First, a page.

At week's end, the guides, ghillies and other guests gathered for a party at Sannox House with many rounds of drinks, toasts and music. Some German fellows drank dark beer and shots of Jagermeister and later on scotch whiskey. One of the ghillies was a tall Englishman, Neil Fox, who told us he had once played guitar with Eric Clapton's band. Neil had brought along his karaoke machine and guitar. He knew most every song ever written by John Denver, plus all the words to every verse, and was thrilled to have two Americans in the house who were familiar with Denver. After a wee dram or two, we were induced to sing along. Before the night was out, we danced with abandon, oblivious to the two younger German guys snapping photos.
When Neil played "Back Home Again," Buck and his guide and good friend, Alan Ross, wrapped their arms about each other's shoulders and sang along, jocular at the beginning, but earnest and nearly sober at the end, singing Denver's timeless tale of love for home and family.
". . . and oh, the time that I can lay this tired old body down and feel your fingers feather soft upon me. . ."
On a later visit, a small group of us ended the evening standing in a small circle, glasses raised, as Alan's wife, Farquhar, sang The Flower of Scotland a capella in her clear, beautiful voice. It sounds ancient, with it's surprising atonal shifts, but was actually written in 1967 by Roy Williamson of the folk group, The Corries. My own nostalgia for that moment surprises me, and I suddenly long to be back on Arran.
Music opens the door to memory, puts me in direct and immediate connection with emotion, and down the rabbit hole I go!
Lemon Tree is an itty bitty store tucked into a corner of the Balmichael Visitor’s Center on the String Road between Machrie and Broddick on the Isle of Arran, Scotland. It is stuffed to the gills with unique toys, bodacious parasols, cuckoo clocks with an attitude, handmade dolls — and purses. Handbags made for children that make everyone smile. When we were on Arran in September, I bought several for some of my favorite little girls. One of them looks like a sheep (or maybe the horse in Toy Story). It has wobbly feet and brings instant smiles. Another has the face of a little blond-haired girl with corn cob curls and it is bursting with personality.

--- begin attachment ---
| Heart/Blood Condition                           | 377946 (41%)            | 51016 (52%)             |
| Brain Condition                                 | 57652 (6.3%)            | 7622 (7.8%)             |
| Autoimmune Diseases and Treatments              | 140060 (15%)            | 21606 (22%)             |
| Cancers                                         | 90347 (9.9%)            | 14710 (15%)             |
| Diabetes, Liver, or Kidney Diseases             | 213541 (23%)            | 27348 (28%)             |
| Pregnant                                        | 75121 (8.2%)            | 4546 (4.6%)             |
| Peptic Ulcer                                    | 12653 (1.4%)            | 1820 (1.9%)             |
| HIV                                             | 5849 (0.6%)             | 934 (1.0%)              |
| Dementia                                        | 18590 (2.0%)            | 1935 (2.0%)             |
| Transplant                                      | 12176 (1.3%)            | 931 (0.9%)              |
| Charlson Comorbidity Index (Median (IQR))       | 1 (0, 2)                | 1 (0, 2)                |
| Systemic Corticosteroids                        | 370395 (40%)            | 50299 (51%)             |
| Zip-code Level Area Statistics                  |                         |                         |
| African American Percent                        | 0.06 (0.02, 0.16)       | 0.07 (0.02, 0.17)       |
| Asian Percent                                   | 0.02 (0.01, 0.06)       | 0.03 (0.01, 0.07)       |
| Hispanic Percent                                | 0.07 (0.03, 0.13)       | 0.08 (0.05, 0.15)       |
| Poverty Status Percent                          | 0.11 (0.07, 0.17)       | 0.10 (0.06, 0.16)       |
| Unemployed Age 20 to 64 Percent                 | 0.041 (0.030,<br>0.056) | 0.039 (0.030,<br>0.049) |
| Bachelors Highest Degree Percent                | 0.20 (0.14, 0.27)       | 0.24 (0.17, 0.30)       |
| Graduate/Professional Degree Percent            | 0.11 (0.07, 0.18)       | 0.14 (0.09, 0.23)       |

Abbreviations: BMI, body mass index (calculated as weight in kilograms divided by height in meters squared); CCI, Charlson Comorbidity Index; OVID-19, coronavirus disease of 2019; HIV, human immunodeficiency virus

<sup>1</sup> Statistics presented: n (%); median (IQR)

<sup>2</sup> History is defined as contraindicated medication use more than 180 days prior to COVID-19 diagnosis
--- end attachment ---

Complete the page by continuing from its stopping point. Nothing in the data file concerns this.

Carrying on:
But I saved the best one for myself. Well, that is, I bought it for someone else. But I think I’ll keep it for awhile because I like it so much. A long while.
Kate Spade eat your heart out.
One month ago today Buck and I were on the Isle of Arran on the west coast of Scotland. One month ago today Hurricane Ivan came ashore in Pensacola and coastal Alabama.
That night, we had dinner guests at The Kennels, the self-catering home we rented during our stay. I prepared fresh salmon fillets, broiled with a mayonnaise, lemon juice, Dijon mustard, horseradish and fresh dill topping, served with a Greek style salad (mixed greens, tomatoes, feta cheese, kalamata olives in an olive oil, lemon juice, garlic and oregano dressing). I marinated some fresh raspberries in port and we spooned them over Arran Dairy vanilla ice cream for dessert, along with port in a glass and espresso.
Yeah. It was that good.
After our friends left for home, we turned on the TV while brushing our teeth and making preparations for sleep. Not to be. Even on this somewhat remote island, our friends (and landlords) had arranged for full satellite tv for us, and so as we clicked on to U.S. stations, we were riveted by the sudden awareness that Hurricane Ivan had neither weakened nor veered off in some other direction, but was about to make a direct hit on our home town.
We stayed up almost all night, watching. We were able to reach one set of our kids before the phone lines and power were zapped.
Ah, well, the rest is history, but I had intended to share a few photos with you from our trip, and just haven’t gotten to it until now.
One afternoon, we visited Creelers Seafood to see what fresh fish or shellfish they might have that I could prepare for our supper. The fish pickings were kind of slim, but I decided to go with a monk fish, a/k/a “poor man’s lobster.” The monk fish is thick, squat and kind of ugly, but the Creeler’s chef came out and, along with the fishmonger, we ended up in a four-way discussion. He showed me how to fillet the whole fish, cut it into small scallops, then saute it quickly with the scallops.
The completed dish was served over garlic mashed potatoes, with a few steamed fine green beans and a Greek-style salad (my obvious favorite and the Arran-made feta is fabulous). Here’s the “beauty shot.”
Click here if you would like to walk through the Brodick Castle Gardens or become acquainted with a very special young boy named Marcus, a native of Arran, or share our walk on the Goatfell Mountain path.
As for tonight, it is a cool, crisp evening in Pensacola with a shining crescent moon. The screened porch and house were “power washed” yesterday, fresh flowers out and the setting perfect for grill smoking a whole chicken.
Now, if I only had some raspberries and vanilla ice cream.